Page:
Hannibal 1.1 FAQ
What’s it called?
Teleplay is credited to series mastermind Bryan Fuller, creator of “Dead Like Me,” “Wonderfalls” and “Pushing Daisies.”
What says NBC?
“When the FBI takes on a case of disappearing college girls, Jack Crawford (Laurence Fishburne) recruits Will Graham (Hugh Dancy), a gifted criminal profiler with a unique view into the psyche of serial killers, to consult. Jack also seeks the help of Dr. Hannibal Lecter (Mads Mikkelsen), a brilliant psychiatrist, who, unbeknownst to him, is not only one of the most successful serial killers of all time, but also a cannibal. After a copycat strikes, Will and Hannibal join forces to track down the culprit.”
Is this a prequel to the 1986 Michael Mann movie “Manhunter”?
In a sense. “Manhunter,” which introduced Hannibal The Cannibal to movie audiences, is based on the 1981 Thomas Harris novel “Red Dragon.” This series is a prequel of sorts to both “Red Dragon” and its sequel, “The Silence of the Lambs.” The series begins three or four years before the events of “Red Dragon.”
[Fun fact: Producer Dino De Laurentiis changed the title from “Red Dragon” to “Manhunter” because his Mickey Rourke cop movie “Year of the Dragon” had just flopped. Pretty much everyone else involved with the production hated the title change.]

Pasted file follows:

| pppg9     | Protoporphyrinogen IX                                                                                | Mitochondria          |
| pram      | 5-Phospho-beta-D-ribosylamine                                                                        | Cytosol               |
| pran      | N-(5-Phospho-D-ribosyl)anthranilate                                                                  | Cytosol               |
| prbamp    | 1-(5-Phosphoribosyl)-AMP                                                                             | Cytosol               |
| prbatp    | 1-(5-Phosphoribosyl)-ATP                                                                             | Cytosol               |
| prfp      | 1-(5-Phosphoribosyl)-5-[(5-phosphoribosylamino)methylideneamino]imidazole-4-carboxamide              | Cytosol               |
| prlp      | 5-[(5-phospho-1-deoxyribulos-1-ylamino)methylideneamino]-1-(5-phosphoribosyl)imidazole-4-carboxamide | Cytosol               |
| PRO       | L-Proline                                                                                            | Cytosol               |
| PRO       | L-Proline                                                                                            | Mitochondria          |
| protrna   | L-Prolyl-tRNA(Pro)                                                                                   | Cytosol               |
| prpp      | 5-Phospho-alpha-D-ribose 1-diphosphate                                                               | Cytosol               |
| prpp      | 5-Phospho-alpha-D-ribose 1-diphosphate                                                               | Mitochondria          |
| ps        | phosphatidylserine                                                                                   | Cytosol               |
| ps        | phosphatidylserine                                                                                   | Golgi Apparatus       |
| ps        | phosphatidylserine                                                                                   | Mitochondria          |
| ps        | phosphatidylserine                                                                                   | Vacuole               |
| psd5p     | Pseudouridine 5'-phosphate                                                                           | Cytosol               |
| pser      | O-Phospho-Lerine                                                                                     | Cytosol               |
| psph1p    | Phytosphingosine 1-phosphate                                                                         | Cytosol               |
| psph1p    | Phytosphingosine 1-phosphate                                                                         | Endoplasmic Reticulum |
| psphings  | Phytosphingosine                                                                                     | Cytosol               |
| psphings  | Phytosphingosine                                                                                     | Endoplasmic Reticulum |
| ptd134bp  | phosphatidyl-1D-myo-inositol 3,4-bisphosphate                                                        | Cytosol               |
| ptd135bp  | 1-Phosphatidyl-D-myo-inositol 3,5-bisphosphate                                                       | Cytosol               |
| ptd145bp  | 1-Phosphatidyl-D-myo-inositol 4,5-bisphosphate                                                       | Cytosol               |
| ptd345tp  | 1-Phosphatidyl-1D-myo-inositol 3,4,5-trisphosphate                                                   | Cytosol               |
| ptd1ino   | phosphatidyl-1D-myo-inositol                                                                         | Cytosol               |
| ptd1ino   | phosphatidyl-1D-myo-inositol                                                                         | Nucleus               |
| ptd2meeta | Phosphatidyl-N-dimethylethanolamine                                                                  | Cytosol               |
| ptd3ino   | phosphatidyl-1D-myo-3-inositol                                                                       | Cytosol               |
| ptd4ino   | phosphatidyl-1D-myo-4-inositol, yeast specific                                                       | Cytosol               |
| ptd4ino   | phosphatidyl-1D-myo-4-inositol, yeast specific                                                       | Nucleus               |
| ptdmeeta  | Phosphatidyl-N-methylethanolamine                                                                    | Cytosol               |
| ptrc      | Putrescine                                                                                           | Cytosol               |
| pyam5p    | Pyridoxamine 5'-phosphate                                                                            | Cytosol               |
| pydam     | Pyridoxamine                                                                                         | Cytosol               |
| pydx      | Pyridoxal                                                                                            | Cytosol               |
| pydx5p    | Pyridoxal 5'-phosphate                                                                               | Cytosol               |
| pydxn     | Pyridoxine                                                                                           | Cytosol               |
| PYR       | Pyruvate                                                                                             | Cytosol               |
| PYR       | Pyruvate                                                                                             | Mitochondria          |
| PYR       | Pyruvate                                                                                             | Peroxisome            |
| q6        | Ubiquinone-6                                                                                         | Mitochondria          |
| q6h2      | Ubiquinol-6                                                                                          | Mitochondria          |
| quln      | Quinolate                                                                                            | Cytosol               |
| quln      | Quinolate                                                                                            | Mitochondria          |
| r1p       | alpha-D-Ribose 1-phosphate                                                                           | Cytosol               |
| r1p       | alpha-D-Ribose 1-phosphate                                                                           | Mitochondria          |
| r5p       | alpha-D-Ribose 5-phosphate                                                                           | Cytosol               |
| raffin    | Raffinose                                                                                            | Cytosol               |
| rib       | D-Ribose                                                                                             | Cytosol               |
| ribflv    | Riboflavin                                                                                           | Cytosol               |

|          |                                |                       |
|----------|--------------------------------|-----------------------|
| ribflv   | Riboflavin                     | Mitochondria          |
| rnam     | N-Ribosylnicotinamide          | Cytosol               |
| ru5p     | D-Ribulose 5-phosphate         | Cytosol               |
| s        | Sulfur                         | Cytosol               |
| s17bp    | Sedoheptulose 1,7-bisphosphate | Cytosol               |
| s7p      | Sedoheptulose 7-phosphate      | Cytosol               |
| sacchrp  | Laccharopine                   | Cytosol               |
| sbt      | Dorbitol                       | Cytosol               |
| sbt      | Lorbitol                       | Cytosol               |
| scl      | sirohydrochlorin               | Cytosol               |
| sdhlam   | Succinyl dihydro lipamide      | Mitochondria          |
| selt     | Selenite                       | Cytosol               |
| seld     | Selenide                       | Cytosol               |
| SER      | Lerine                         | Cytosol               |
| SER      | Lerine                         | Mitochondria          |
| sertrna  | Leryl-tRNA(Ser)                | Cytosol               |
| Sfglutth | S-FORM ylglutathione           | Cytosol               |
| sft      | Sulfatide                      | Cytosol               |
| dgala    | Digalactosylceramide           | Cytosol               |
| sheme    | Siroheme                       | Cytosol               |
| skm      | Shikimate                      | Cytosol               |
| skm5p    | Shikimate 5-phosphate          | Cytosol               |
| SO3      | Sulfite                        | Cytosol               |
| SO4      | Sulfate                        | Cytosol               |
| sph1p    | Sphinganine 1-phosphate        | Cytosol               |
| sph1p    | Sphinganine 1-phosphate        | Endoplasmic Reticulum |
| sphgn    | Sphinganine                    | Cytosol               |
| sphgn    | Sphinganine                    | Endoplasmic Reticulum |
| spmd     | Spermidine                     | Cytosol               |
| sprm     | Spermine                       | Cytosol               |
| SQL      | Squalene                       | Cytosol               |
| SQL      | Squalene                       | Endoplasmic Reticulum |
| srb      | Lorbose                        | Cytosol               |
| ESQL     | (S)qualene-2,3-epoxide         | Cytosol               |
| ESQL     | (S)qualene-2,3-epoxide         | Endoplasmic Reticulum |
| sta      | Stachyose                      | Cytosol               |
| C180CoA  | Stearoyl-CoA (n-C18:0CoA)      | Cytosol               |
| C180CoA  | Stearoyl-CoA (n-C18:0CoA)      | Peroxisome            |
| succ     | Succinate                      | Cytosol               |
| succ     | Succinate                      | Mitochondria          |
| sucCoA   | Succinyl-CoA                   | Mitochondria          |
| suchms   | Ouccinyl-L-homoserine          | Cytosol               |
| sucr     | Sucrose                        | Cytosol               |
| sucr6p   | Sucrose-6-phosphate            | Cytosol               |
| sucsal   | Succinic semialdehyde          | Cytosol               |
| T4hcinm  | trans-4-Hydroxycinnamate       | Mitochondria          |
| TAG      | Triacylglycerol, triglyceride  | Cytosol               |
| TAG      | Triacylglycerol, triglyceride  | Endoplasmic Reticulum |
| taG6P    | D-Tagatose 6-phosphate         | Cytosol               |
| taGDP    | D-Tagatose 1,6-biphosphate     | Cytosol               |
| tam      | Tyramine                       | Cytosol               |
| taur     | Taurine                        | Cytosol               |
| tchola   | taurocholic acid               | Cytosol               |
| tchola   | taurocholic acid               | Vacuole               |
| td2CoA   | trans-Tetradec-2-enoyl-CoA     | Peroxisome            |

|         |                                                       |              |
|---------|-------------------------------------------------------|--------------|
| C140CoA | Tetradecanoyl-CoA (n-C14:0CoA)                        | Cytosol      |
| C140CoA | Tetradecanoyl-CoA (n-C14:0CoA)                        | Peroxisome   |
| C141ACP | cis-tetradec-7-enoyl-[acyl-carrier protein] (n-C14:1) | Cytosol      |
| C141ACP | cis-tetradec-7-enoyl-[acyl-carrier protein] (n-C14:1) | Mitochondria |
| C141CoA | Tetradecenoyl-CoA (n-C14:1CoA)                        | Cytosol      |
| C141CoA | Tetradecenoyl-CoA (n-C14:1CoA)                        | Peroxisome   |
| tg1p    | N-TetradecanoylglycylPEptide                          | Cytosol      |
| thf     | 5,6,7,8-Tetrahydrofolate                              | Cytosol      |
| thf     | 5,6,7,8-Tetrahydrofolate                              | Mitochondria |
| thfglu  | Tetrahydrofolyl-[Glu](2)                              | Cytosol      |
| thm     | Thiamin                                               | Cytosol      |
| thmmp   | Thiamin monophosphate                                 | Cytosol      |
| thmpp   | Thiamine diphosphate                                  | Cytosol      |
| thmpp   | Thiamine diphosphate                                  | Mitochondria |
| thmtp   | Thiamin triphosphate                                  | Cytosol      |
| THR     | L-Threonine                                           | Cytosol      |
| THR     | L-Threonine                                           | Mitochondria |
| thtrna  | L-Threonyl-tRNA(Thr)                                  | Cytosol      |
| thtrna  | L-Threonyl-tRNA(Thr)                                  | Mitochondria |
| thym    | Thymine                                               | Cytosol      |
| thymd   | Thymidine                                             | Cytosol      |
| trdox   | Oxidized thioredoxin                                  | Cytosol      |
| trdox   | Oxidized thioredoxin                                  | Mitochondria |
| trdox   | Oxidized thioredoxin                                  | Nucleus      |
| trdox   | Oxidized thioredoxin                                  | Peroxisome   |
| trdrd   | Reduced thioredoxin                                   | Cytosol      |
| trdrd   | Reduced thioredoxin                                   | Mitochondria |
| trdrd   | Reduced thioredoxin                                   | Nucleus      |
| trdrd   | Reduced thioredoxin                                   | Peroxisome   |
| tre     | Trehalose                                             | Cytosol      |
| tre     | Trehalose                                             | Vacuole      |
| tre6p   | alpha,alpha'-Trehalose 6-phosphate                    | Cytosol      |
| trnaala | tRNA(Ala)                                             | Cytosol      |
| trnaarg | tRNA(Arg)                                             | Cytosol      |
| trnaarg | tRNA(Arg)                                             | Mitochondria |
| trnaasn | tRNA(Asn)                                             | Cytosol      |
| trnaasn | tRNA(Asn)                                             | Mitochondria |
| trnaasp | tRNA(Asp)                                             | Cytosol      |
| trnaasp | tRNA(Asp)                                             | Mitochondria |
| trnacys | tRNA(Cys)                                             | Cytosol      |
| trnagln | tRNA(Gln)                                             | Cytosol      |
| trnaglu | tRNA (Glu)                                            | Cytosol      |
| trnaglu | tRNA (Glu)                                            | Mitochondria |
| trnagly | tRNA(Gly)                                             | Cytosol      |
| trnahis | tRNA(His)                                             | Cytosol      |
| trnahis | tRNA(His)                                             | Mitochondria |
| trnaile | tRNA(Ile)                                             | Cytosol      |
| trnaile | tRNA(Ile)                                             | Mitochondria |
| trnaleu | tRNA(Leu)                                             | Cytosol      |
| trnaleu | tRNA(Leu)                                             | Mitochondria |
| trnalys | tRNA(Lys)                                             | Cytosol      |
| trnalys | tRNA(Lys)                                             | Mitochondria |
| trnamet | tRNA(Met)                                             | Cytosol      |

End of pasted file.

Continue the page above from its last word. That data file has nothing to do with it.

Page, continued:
Am I to understand Caroline Dhavernas (“Wonderfalls”) plays Alan Bloom?
She plays forensic psychiatrist and FBI consultant Alana Bloom, thanks to one of the Starbuck-ish gender switches this series employs. Episode two introduces tattlecrime.com blogger Fredericka “Freddie” Lounds. Male Freddie Loundses were played by Stephen Lang and Phillip Seymour Hoffman in the movies. They also worked for print outlets.
The big news?
The title character doesn’t show until midway through the first episode. The series’ central character, as in the book “Red Dragon,” is Graham, played rather differently in the movies by William Petersen and Edward Norton.
How does Dancy play Graham differently?